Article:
Lew Wallace's Ben Hur: Much more than swords and sandals

Next week sees the UK theatrical release of 'Ben Hur'.

It is the fifth big screen version of Lew Wallace's 1880 novel, but will inevitably be compared to just one, the 1959 epic starring Charlton Heston which picked up 11 Oscars.

At the time it boasted the biggest budget (and biggest sets) of any film ever produced. But it wasn't a huge risk. The investment was based on the enduring popularity of the book, which, soon after publication, became the biggest selling American novel of all time (usurping Harriet Beecher Stowe's Uncle Tom's Cabin) and retained the title until the arrival of Margaret Mitchell's Gone With The Wind in 1936.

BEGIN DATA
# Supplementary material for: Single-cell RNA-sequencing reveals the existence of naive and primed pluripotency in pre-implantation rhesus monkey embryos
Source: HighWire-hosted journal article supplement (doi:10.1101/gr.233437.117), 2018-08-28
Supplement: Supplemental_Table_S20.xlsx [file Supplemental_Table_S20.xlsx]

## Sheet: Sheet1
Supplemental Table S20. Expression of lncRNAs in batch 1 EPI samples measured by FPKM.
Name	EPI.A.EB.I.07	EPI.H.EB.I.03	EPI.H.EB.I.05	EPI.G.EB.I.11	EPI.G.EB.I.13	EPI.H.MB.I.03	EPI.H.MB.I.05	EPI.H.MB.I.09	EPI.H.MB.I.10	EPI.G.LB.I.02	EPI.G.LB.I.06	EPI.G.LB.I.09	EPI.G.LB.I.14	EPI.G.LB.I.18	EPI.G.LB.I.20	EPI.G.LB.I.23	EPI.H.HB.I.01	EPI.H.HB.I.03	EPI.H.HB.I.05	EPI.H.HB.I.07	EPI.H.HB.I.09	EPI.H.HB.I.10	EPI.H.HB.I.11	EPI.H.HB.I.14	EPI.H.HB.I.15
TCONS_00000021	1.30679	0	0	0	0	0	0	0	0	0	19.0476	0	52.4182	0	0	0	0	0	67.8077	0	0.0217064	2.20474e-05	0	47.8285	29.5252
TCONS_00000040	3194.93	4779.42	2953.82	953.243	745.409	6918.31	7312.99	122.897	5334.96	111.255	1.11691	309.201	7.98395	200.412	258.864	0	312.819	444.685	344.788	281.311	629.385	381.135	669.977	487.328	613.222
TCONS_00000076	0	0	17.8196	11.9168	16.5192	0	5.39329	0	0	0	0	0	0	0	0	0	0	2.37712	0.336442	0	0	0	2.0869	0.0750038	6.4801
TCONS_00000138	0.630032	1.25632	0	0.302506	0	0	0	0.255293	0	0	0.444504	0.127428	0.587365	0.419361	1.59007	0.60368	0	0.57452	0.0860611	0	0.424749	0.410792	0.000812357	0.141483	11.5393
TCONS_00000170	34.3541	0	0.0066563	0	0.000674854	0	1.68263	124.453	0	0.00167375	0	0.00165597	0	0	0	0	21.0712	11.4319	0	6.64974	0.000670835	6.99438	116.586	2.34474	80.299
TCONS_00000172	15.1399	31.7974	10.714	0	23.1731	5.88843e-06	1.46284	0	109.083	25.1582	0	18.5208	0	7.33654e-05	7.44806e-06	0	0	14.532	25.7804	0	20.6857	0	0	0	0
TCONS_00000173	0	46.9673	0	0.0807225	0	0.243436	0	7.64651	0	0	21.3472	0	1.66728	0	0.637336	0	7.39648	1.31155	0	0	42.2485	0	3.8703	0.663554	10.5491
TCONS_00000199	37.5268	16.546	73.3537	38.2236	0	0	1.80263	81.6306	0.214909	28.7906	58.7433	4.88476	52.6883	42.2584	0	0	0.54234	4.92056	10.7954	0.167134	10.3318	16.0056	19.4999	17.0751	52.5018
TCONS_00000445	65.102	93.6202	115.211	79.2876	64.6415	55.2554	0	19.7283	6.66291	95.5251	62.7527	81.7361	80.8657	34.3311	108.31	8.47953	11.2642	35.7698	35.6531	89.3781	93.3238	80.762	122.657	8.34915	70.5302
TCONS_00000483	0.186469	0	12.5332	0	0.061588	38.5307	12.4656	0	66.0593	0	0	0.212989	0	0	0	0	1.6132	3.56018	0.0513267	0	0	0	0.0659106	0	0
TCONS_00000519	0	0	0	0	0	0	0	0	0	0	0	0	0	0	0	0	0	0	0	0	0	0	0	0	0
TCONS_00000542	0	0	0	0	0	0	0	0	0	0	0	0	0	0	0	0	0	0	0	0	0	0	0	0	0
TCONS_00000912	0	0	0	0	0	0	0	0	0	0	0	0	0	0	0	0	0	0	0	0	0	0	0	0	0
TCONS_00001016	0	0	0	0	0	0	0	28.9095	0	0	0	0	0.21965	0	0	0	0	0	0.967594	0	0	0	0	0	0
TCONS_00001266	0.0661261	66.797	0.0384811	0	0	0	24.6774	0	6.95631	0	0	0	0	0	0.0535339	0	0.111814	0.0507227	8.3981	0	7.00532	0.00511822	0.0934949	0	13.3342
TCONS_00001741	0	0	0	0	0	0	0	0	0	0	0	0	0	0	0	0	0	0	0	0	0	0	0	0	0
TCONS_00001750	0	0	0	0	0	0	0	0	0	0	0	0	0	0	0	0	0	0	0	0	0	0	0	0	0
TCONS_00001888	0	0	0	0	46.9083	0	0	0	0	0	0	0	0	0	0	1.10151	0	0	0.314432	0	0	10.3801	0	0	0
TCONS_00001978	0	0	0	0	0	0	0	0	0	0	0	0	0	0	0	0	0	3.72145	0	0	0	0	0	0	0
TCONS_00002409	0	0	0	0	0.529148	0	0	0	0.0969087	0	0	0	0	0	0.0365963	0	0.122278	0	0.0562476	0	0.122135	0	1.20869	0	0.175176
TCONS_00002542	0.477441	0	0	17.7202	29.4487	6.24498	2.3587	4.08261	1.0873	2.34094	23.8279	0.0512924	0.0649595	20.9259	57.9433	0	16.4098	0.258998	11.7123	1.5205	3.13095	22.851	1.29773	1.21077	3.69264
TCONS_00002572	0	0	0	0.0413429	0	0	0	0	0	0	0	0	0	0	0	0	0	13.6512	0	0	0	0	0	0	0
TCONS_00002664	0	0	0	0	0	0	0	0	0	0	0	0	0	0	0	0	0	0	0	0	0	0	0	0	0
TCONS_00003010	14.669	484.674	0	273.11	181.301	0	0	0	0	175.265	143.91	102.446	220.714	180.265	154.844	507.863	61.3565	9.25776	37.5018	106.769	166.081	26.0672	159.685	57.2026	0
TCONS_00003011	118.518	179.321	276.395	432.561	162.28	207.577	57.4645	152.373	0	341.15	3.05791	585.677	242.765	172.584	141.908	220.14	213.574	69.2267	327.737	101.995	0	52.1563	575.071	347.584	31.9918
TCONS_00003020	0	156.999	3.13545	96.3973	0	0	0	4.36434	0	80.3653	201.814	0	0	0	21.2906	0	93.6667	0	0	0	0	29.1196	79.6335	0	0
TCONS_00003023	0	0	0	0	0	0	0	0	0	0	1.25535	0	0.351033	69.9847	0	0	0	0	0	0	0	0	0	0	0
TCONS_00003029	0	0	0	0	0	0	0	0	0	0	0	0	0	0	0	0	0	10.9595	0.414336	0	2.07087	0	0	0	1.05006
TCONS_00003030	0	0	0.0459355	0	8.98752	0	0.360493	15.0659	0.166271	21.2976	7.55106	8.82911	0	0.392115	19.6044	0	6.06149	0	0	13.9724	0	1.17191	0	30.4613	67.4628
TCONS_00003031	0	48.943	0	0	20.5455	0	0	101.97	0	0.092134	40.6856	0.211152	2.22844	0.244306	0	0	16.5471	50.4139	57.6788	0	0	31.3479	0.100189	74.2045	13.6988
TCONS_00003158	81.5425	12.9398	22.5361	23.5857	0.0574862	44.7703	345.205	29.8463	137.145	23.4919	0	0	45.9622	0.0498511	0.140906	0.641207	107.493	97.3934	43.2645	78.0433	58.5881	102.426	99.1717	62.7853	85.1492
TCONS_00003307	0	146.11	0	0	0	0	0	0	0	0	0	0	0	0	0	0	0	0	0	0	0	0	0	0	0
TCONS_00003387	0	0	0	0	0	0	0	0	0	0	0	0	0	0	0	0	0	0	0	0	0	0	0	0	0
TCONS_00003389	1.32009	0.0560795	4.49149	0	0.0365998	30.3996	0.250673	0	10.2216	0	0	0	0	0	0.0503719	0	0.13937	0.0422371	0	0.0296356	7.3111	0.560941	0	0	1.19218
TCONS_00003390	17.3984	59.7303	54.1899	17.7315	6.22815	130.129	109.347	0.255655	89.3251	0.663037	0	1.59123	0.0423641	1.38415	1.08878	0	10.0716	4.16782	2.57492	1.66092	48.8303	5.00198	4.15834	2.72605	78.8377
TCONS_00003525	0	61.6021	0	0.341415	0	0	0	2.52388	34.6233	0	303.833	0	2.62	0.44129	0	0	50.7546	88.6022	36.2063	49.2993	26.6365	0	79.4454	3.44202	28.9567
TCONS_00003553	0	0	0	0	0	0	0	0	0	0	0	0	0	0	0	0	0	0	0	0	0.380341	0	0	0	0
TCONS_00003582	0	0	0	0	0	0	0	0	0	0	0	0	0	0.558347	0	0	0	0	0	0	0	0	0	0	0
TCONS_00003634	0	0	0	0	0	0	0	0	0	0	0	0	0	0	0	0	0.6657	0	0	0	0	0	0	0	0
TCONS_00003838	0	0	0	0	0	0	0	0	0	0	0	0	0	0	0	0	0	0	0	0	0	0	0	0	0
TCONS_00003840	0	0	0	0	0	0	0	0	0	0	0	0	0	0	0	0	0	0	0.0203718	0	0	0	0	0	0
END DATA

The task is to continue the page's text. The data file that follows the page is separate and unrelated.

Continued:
Stuff sales though, Ben Hur: A Tale of The Christ (to give it its full title) received an official blessing from Pope Leo XIII, the first work of fiction ever to be honoured in such a way.

The reason for such a beatific bestowing is that whilst modern day audiences probably think 'chariot race', the novel was initially heralded as the most influential Christian book of the 19th Century.

It starts as a classic tale of revenge, of a wrongly accused man rising up to gain vengeance. But it comes to be about Judah Ben Hur's acceptance of Christian values of forgiveness and tolerance.

Our hero's life and, indeed, 'journey' (sorry, but for once it's kind of justified) even interacts with Christ's at various points. Cinematically, though, you would still focus on the chariot race.

The new film has had mixed reviews (it's currently scoring 38% on Metacritic), so it seems unlikely to supplant Charlton Heston's still-definitive version.

It might, however, alert more people that it is based on a book, not an MGM marketing meeting, and that its message is about much more than swords and sandals.

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